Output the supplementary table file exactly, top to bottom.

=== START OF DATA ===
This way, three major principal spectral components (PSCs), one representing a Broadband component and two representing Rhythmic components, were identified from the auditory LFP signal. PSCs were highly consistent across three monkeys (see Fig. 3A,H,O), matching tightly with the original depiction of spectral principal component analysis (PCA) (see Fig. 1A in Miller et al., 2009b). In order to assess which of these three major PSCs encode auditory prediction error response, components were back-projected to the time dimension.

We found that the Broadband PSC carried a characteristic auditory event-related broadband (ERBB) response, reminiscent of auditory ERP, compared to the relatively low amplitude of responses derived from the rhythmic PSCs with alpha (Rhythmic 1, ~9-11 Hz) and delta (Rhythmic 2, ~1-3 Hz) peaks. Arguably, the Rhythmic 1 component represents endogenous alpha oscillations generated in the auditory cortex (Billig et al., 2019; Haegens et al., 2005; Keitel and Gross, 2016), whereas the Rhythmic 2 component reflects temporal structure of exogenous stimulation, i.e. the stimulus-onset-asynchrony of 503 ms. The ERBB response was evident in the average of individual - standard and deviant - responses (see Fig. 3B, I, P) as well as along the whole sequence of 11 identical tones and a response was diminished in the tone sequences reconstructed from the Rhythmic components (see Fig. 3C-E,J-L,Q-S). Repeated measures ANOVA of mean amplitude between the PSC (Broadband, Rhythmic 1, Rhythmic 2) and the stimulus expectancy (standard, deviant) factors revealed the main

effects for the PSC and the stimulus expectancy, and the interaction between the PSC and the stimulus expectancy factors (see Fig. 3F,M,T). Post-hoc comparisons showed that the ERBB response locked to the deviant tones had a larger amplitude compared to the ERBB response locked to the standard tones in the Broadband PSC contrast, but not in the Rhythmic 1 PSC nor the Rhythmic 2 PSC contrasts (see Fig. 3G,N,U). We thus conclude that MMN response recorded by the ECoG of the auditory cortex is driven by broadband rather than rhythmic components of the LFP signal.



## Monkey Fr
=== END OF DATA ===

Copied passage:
This way, three major principal spectral components (PSCs), one representing a Broadband component and two representing Rhythmic components, were identified from the auditory LFP signal. PSCs were highly consistent across three monkeys (see Fig. 3A,H,O), matching tightly with the original depiction of spectral principal component analysis (PCA) (see Fig. 1A in Miller et al., 2009b). In order to assess which of these three major PSCs encode auditory prediction error response, components were back-projected to the time dimension.

We found that the Broadband PSC carried a characteristic auditory event-related broadband (ERBB) response, reminiscent of auditory ERP, compared to the relatively low amplitude of responses derived from the rhythmic PSCs with alpha (Rhythmic 1, ~9-11 Hz) and delta (Rhythmic 2, ~1-3 Hz) peaks. Arguably, the Rhythmic 1 component represents endogenous alpha oscillations generated in the auditory cortex (Billig et al., 2019; Haegens et al., 2005; Keitel and Gross, 2016), whereas the Rhythmic 2 component reflects temporal structure of exogenous stimulation, i.e. the stimulus-onset-asynchrony of 503 ms. The ERBB response was evident in the average of individual - standard and deviant - responses (see Fig. 3B, I, P) as well as along the whole sequence of 11 identical tones and a response was diminished in the tone sequences reconstructed from the Rhythmic components (see Fig. 3C-E,J-L,Q-S). Repeated measures ANOVA of mean amplitude between the PSC (Broadband, Rhythmic 1, Rhythmic 2) and the stimulus expectancy (standard, deviant) factors revealed the main

effects for the PSC and the stimulus expectancy, and the interaction between the PSC and the stimulus expectancy factors (see Fig. 3F,M,T). Post-hoc comparisons showed that the ERBB response locked to the deviant tones had a larger amplitude compared to the ERBB response locked to the standard tones in the Broadband PSC contrast, but not in the Rhythmic 1 PSC nor the Rhythmic 2 PSC contrasts (see Fig. 3G,N,U). We thus conclude that MMN response recorded by the ECoG of the auditory cortex is driven by broadband rather than rhythmic components of the LFP signal.



## Monkey Fr